The most obvious source of conflict is that the interests of the ruler or the elite are not always the same as those of the rest. It is easy to think of examples, from the chiefs who devoted so much of Easter Island’s resources to building the famous statues (squandering large amounts on prestige projects is a common failing of rulers) to the owners of the companies that are clearing the rain forests and the politicians who are allowing that to happen. Even a group that does not have much intrinsic power may be given what it wants because it is more determined to get it than the majority are to refuse it. That is essentially why we continue to subsidise fishermen when the seas are already overfished.

There is also the “tragedy of the commons”: a fisherman lands more fish than he knows he ought to because he fears that if he holds back in the hope of preserving stocks, others will take them instead. [2].

Societies also have deeply held values and find it very difficult to take any action that conflicts with them. The obvious example is religious taboos, but values do not have to be expressed in terms of a religion. The Greenland Norse, for example, reduced their chances of survival by keeping as close as they could to Norwegian customs and farming practices [3], and refusing to learn from the Inuit.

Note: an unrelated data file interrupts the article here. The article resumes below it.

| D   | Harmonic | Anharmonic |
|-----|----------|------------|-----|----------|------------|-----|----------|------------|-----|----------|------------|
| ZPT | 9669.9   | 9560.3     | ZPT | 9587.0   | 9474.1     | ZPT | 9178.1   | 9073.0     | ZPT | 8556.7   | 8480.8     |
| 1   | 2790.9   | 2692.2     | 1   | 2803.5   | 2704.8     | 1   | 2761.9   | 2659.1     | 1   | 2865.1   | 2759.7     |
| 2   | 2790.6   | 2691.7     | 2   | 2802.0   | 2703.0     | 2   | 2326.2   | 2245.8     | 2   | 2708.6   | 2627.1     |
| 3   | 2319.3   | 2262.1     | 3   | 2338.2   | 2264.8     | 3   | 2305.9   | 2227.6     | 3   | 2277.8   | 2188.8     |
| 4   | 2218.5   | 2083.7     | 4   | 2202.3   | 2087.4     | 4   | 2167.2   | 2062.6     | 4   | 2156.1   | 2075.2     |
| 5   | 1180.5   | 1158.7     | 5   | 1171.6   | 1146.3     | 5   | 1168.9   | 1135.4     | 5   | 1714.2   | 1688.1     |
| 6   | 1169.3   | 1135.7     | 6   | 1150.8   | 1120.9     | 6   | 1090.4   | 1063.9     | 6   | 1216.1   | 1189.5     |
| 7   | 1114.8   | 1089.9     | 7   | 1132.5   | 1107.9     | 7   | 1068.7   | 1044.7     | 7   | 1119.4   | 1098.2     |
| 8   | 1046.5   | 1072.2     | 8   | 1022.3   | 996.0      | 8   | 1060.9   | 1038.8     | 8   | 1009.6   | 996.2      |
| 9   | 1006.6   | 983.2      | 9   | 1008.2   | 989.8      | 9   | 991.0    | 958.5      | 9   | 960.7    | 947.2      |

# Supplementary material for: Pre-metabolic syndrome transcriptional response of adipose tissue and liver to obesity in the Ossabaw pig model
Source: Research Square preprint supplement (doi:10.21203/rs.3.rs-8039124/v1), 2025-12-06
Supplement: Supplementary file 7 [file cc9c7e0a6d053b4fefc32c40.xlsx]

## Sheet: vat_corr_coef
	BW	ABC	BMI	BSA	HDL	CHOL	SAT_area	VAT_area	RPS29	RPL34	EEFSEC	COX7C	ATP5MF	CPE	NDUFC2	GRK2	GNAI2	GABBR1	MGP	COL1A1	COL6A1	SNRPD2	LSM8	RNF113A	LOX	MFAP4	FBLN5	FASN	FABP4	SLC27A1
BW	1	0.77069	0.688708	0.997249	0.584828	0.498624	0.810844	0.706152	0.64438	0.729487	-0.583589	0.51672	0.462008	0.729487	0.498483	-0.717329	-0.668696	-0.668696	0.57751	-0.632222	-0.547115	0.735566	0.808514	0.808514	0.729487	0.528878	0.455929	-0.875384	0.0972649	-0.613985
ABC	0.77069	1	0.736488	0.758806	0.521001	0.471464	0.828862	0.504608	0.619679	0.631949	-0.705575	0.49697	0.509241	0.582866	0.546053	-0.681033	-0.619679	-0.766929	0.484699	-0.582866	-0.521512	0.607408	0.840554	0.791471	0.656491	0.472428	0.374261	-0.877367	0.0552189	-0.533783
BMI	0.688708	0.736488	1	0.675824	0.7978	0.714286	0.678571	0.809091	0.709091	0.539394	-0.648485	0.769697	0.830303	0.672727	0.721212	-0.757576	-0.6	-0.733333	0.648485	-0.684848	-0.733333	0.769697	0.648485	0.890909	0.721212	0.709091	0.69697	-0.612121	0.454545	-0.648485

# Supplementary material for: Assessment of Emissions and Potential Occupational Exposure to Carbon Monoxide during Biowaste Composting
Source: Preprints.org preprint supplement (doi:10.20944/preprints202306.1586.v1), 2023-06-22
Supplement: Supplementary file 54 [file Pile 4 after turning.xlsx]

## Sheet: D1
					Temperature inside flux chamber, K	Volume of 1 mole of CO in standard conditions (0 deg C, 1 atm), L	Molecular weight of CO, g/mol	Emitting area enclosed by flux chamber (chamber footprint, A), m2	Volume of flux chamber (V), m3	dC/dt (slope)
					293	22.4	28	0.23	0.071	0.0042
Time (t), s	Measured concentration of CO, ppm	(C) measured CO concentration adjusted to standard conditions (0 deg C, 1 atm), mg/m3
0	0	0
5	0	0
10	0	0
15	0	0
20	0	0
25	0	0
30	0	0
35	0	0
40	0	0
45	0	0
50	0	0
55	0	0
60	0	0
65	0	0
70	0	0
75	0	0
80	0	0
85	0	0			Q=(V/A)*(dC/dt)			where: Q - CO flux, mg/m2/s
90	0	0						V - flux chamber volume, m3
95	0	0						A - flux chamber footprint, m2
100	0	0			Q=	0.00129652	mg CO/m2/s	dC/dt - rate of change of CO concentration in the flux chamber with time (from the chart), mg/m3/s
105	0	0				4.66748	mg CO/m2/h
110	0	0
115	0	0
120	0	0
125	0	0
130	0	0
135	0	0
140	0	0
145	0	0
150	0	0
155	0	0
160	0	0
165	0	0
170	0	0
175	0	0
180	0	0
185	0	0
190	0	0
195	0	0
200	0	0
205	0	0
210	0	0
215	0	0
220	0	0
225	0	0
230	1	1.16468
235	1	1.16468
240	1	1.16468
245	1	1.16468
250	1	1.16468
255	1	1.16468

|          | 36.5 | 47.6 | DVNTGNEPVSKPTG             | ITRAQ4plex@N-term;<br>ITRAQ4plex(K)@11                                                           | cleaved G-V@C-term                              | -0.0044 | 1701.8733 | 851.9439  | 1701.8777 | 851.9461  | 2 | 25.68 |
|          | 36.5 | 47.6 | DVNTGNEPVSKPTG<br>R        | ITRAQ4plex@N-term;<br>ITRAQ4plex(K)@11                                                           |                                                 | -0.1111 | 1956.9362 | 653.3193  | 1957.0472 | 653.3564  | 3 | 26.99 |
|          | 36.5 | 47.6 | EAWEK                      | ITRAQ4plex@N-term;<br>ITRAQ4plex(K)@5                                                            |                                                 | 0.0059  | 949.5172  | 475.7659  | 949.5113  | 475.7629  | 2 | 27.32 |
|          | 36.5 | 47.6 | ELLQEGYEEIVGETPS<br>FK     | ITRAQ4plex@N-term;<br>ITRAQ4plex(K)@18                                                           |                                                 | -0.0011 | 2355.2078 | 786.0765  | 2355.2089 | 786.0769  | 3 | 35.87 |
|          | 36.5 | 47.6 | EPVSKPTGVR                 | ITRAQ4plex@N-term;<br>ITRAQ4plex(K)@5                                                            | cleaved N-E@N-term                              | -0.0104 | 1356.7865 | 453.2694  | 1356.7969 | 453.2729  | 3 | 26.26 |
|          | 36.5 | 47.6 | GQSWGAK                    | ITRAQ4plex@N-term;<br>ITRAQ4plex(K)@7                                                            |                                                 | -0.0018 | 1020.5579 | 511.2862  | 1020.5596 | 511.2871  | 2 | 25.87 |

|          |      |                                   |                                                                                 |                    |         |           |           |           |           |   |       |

Will we survive climate change?

If collapses were usually due to one of the first three reasons that Diamond identifies - failure to anticipate the problem, failure to be aware of it when it materialises, and lack of the technology to cope - we could be quite confident about our prospects. It is more than a century since Arrhenius showed that if we burned too much fossil fuel the Earth would get warmer, so this isn’t coming as a complete surprise. Meteorologists and climatologists have been measuring the upward trend in the mean temperature and comparing it with the greenhouse gas concentration, so we know the scale of the problem. We already have the technologies to limit climate change and mitigate its effects (see  Which Energy? [4] and Food Futures Now: *Organic *Sustainable *Fossil Fuel Free  [5]), and more are being developed (see SiS 31-43).